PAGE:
Those who argue passionately for the abolition of ownership on the part of anyone but workers seem to ignore four salient points. The first is that money, with which capital is purchased, is, unless it derives from rent or interest, ultimately attributable to labor. One acquires money either through his own labor, or through the labor of a benefactor such as an ancestor. Money, then, is an abstraction of the value of labor services rendered. And while it may be cogently pointed out that there is an absurdity in a system where capital is purchased with the abstraction of labor but not the labor itself, the reverse would be equally true. Indeed, an economic system of that kind would diminish the purchasing power of money, the reward of labor, to the detriment of labor, because no one would be allowed to purchase capital with his money. The same inherent injustice that classic Socialism, which puts all capital ownership in the hands of the State, brings upon the world would be realized, albeit without State confiscation.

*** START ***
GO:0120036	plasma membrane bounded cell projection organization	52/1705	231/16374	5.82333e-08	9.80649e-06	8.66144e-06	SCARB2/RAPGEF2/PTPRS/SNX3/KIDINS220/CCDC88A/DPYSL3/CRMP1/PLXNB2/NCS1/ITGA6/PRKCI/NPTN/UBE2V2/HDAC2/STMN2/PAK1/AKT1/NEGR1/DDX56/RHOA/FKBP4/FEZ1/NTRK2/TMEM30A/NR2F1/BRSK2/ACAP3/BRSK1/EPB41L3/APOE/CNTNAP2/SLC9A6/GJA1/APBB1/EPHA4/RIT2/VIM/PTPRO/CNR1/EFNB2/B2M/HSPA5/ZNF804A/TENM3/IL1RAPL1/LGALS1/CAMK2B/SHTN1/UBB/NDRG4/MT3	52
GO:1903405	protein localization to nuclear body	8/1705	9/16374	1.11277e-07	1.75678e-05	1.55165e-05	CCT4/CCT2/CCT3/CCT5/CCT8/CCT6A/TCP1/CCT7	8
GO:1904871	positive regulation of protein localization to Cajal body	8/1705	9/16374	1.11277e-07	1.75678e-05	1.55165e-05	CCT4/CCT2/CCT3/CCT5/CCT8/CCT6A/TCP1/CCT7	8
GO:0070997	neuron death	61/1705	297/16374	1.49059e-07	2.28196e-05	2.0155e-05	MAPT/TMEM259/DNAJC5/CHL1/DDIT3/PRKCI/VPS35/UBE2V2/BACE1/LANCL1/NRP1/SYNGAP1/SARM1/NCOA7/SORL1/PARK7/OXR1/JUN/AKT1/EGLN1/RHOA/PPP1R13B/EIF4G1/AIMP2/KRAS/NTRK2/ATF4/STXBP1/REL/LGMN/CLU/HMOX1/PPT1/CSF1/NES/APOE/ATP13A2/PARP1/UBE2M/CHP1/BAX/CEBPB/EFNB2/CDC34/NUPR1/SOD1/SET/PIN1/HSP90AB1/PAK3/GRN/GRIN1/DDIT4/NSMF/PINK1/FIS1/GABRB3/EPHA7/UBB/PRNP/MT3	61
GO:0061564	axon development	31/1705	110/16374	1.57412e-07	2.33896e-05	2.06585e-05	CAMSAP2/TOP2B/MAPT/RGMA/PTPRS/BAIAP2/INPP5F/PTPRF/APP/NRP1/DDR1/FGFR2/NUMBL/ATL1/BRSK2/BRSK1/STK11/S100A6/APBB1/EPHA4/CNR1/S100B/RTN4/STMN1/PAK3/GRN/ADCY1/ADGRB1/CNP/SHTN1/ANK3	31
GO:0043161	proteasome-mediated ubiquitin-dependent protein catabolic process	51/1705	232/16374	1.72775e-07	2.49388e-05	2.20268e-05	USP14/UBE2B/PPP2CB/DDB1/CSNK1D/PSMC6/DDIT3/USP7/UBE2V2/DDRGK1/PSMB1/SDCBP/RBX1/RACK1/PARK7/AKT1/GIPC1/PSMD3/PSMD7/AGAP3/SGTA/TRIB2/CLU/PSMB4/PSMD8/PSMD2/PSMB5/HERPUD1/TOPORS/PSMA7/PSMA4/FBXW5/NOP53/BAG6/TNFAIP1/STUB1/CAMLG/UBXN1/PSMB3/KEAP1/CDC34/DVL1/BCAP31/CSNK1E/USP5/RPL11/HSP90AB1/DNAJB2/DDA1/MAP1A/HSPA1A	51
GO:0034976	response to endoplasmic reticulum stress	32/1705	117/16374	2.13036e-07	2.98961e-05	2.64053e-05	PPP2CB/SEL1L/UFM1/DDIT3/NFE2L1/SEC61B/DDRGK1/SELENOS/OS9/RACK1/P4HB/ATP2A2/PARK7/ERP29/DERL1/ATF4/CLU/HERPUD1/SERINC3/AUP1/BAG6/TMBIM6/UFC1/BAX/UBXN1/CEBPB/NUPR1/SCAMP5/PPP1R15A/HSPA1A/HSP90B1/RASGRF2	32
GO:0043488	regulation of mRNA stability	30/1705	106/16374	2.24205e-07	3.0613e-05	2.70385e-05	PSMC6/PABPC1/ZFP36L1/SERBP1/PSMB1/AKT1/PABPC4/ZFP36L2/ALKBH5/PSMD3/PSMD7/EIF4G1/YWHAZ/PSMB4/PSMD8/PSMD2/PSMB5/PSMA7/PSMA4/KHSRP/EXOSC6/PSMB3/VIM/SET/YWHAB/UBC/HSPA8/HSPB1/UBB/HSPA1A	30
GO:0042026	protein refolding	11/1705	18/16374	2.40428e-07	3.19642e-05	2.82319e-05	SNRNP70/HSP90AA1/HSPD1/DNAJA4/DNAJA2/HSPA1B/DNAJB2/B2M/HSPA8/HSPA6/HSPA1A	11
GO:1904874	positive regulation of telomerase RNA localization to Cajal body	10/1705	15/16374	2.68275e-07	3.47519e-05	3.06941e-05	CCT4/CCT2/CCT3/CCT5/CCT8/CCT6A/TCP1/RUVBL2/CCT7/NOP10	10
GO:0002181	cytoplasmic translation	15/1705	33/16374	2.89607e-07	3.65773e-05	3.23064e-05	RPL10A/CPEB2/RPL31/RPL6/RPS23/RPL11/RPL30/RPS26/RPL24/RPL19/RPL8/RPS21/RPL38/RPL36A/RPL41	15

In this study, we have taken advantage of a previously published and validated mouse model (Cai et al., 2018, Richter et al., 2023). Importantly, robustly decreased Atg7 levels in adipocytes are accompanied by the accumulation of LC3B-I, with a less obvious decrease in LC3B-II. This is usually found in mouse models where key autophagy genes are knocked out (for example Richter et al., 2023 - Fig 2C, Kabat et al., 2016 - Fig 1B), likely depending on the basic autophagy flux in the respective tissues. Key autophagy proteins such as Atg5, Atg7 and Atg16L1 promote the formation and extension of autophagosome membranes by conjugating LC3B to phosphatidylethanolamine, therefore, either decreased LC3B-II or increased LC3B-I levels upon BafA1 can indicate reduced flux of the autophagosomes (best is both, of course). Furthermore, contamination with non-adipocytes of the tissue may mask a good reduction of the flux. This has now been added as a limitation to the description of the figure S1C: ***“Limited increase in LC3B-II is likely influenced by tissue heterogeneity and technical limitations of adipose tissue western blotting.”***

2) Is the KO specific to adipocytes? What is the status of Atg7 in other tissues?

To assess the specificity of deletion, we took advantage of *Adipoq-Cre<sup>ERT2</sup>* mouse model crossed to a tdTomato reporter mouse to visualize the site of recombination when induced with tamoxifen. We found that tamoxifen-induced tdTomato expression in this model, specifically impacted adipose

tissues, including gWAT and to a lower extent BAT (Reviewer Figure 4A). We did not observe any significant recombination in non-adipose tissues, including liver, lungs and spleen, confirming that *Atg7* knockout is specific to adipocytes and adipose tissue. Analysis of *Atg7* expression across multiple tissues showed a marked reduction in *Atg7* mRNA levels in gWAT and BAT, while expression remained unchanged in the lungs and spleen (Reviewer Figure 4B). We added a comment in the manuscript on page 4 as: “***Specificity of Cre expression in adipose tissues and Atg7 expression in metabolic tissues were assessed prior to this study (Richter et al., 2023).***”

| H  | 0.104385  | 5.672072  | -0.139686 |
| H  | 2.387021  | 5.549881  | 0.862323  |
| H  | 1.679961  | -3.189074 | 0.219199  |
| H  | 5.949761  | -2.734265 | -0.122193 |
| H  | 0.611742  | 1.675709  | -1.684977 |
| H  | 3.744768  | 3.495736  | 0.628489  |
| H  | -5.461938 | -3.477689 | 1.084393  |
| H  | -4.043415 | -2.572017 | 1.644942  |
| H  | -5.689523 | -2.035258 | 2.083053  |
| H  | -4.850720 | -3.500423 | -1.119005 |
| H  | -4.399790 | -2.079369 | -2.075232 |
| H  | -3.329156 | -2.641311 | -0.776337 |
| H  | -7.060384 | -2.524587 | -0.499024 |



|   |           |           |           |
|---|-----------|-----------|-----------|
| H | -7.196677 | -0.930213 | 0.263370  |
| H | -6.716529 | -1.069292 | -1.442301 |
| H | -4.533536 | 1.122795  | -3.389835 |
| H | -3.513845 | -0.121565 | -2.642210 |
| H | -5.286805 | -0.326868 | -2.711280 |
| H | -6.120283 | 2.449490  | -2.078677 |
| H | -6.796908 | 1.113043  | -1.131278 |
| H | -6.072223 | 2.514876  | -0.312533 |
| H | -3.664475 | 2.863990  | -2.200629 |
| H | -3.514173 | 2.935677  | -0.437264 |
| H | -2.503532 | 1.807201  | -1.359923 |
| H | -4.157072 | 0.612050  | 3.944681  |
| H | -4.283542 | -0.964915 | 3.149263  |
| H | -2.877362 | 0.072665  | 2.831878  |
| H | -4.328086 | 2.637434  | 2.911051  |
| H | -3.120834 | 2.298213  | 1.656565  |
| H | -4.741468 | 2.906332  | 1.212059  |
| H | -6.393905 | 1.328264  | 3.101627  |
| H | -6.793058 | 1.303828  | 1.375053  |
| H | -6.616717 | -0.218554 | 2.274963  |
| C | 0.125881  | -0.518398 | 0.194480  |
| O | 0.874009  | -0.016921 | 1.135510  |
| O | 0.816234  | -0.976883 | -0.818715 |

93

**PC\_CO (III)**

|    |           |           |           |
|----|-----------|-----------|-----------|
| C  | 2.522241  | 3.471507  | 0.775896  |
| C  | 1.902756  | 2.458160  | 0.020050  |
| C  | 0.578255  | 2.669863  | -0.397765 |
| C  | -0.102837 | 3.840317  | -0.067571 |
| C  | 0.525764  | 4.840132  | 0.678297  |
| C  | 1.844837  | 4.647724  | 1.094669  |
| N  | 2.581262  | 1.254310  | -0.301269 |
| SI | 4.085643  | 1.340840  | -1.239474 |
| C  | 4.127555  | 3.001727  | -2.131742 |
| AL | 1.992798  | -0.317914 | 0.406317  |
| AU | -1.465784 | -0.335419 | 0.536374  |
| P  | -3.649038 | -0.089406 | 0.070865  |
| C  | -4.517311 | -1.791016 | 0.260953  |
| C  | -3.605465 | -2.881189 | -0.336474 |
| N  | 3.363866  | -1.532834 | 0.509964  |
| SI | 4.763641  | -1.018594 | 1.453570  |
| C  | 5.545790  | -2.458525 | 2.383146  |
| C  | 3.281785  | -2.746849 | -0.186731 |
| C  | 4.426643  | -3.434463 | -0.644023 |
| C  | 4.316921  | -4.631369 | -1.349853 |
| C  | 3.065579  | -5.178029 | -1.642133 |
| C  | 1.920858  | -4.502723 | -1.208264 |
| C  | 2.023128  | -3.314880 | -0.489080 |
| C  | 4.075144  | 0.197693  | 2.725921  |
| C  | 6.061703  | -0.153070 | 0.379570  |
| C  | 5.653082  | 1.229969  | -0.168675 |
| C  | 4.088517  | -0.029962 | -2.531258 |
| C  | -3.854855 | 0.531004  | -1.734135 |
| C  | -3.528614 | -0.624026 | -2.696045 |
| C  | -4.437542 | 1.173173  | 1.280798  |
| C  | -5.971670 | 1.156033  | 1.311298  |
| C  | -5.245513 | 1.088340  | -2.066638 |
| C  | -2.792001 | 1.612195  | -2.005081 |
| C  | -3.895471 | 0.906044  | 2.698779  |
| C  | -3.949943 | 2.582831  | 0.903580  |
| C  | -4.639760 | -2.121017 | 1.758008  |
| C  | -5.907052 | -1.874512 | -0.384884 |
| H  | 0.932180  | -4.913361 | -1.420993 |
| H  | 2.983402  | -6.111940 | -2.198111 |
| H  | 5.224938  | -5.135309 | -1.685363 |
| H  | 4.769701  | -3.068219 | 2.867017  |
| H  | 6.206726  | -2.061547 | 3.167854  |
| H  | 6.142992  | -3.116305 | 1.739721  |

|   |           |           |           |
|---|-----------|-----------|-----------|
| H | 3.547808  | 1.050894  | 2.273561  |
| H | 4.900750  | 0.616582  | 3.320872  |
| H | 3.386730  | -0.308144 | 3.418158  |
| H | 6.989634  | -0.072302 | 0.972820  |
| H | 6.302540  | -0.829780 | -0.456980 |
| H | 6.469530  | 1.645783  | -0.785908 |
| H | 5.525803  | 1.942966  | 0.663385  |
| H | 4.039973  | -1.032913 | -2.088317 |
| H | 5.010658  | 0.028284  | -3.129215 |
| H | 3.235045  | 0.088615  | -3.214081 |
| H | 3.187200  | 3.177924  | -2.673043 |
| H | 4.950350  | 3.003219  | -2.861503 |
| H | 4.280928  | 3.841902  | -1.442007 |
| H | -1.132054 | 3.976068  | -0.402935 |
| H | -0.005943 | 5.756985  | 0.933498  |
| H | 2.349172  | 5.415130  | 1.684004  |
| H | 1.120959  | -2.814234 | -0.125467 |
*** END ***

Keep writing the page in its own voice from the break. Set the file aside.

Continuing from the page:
The second concern is that without investment, there would be no investment. This means that the State would have to come up with a method to replace it, and it is easy to see how that process would become a method of political preferment. The response here might be that investment by those engaging in work for a business enterprise would be allowed, but this would require a fair measure of intrusiveness as regulators engaged in in satisfying themselves that investors weren’t being given meaningless job titles in order to skirt requirements.  How hard would it be for the chief investor to have himself voted “president” of the company? Moreover, it is to be anticipated that the workers themselves would become co-conspirators in such an effort, since the need for capital infusion will often outweigh the need for regulatory niceties.